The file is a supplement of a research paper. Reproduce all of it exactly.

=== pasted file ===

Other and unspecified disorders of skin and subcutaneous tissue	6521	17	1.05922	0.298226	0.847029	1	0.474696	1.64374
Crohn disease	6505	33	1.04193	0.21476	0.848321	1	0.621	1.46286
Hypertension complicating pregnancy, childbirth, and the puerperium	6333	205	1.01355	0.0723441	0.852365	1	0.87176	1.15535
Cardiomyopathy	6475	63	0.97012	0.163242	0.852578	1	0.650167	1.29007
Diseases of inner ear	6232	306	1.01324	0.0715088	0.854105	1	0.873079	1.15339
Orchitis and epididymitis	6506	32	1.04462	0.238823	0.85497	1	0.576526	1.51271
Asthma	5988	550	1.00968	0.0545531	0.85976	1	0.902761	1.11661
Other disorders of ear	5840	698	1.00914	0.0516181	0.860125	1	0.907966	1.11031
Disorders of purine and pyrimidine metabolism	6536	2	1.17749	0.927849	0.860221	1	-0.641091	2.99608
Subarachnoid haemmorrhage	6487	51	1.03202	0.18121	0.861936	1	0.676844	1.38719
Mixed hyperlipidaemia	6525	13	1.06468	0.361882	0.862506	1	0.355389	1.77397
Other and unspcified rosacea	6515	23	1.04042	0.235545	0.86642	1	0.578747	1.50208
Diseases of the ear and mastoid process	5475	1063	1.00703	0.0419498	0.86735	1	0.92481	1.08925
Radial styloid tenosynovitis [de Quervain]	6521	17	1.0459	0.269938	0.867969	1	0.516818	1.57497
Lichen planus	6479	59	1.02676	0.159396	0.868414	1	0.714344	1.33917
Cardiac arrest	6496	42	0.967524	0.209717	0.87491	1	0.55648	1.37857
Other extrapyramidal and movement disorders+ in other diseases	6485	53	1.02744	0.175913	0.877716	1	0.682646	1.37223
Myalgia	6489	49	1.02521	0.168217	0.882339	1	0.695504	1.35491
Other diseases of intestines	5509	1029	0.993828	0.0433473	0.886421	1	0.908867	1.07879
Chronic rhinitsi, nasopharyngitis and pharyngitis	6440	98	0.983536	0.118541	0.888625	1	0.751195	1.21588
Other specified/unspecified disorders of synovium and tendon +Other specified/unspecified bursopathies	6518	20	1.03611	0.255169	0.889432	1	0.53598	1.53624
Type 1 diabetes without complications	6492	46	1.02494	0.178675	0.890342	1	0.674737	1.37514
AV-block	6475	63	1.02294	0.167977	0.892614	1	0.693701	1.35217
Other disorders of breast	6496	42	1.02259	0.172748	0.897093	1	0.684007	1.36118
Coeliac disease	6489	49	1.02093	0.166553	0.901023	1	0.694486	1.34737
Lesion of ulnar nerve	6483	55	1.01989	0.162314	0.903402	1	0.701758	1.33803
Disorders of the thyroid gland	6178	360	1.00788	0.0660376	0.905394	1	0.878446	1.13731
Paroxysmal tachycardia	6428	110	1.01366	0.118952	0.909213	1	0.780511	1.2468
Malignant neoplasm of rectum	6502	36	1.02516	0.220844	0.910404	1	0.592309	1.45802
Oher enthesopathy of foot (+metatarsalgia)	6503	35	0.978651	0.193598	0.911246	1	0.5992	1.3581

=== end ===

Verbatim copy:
Other and unspecified disorders of skin and subcutaneous tissue	6521	17	1.05922	0.298226	0.847029	1	0.474696	1.64374
Crohn disease	6505	33	1.04193	0.21476	0.848321	1	0.621	1.46286
Hypertension complicating pregnancy, childbirth, and the puerperium	6333	205	1.01355	0.0723441	0.852365	1	0.87176	1.15535
Cardiomyopathy	6475	63	0.97012	0.163242	0.852578	1	0.650167	1.29007
Diseases of inner ear	6232	306	1.01324	0.0715088	0.854105	1	0.873079	1.15339
Orchitis and epididymitis	6506	32	1.04462	0.238823	0.85497	1	0.576526	1.51271
Asthma	5988	550	1.00968	0.0545531	0.85976	1	0.902761	1.11661
Other disorders of ear	5840	698	1.00914	0.0516181	0.860125	1	0.907966	1.11031
Disorders of purine and pyrimidine metabolism	6536	2	1.17749	0.927849	0.860221	1	-0.641091	2.99608
Subarachnoid haemmorrhage	6487	51	1.03202	0.18121	0.861936	1	0.676844	1.38719
Mixed hyperlipidaemia	6525	13	1.06468	0.361882	0.862506	1	0.355389	1.77397
Other and unspcified rosacea	6515	23	1.04042	0.235545	0.86642	1	0.578747	1.50208
Diseases of the ear and mastoid process	5475	1063	1.00703	0.0419498	0.86735	1	0.92481	1.08925
Radial styloid tenosynovitis [de Quervain]	6521	17	1.0459	0.269938	0.867969	1	0.516818	1.57497
Lichen planus	6479	59	1.02676	0.159396	0.868414	1	0.714344	1.33917
Cardiac arrest	6496	42	0.967524	0.209717	0.87491	1	0.55648	1.37857
Other extrapyramidal and movement disorders+ in other diseases	6485	53	1.02744	0.175913	0.877716	1	0.682646	1.37223
Myalgia	6489	49	1.02521	0.168217	0.882339	1	0.695504	1.35491
Other diseases of intestines	5509	1029	0.993828	0.0433473	0.886421	1	0.908867	1.07879
Chronic rhinitsi, nasopharyngitis and pharyngitis	6440	98	0.983536	0.118541	0.888625	1	0.751195	1.21588
Other specified/unspecified disorders of synovium and tendon +Other specified/unspecified bursopathies	6518	20	1.03611	0.255169	0.889432	1	0.53598	1.53624
Type 1 diabetes without complications	6492	46	1.02494	0.178675	0.890342	1	0.674737	1.37514
AV-block	6475	63	1.02294	0.167977	0.892614	1	0.693701	1.35217
Other disorders of breast	6496	42	1.02259	0.172748	0.897093	1	0.684007	1.36118
Coeliac disease	6489	49	1.02093	0.166553	0.901023	1	0.694486	1.34737
Lesion of ulnar nerve	6483	55	1.01989	0.162314	0.903402	1	0.701758	1.33803
Disorders of the thyroid gland	6178	360	1.00788	0.0660376	0.905394	1	0.878446	1.13731
Paroxysmal tachycardia	6428	110	1.01366	0.118952	0.909213	1	0.780511	1.2468
Malignant neoplasm of rectum	6502	36	1.02516	0.220844	0.910404	1	0.592309	1.45802
Oher enthesopathy of foot (+metatarsalgia)	6503	35	0.978651	0.193598	0.911246	1	0.5992	1.3581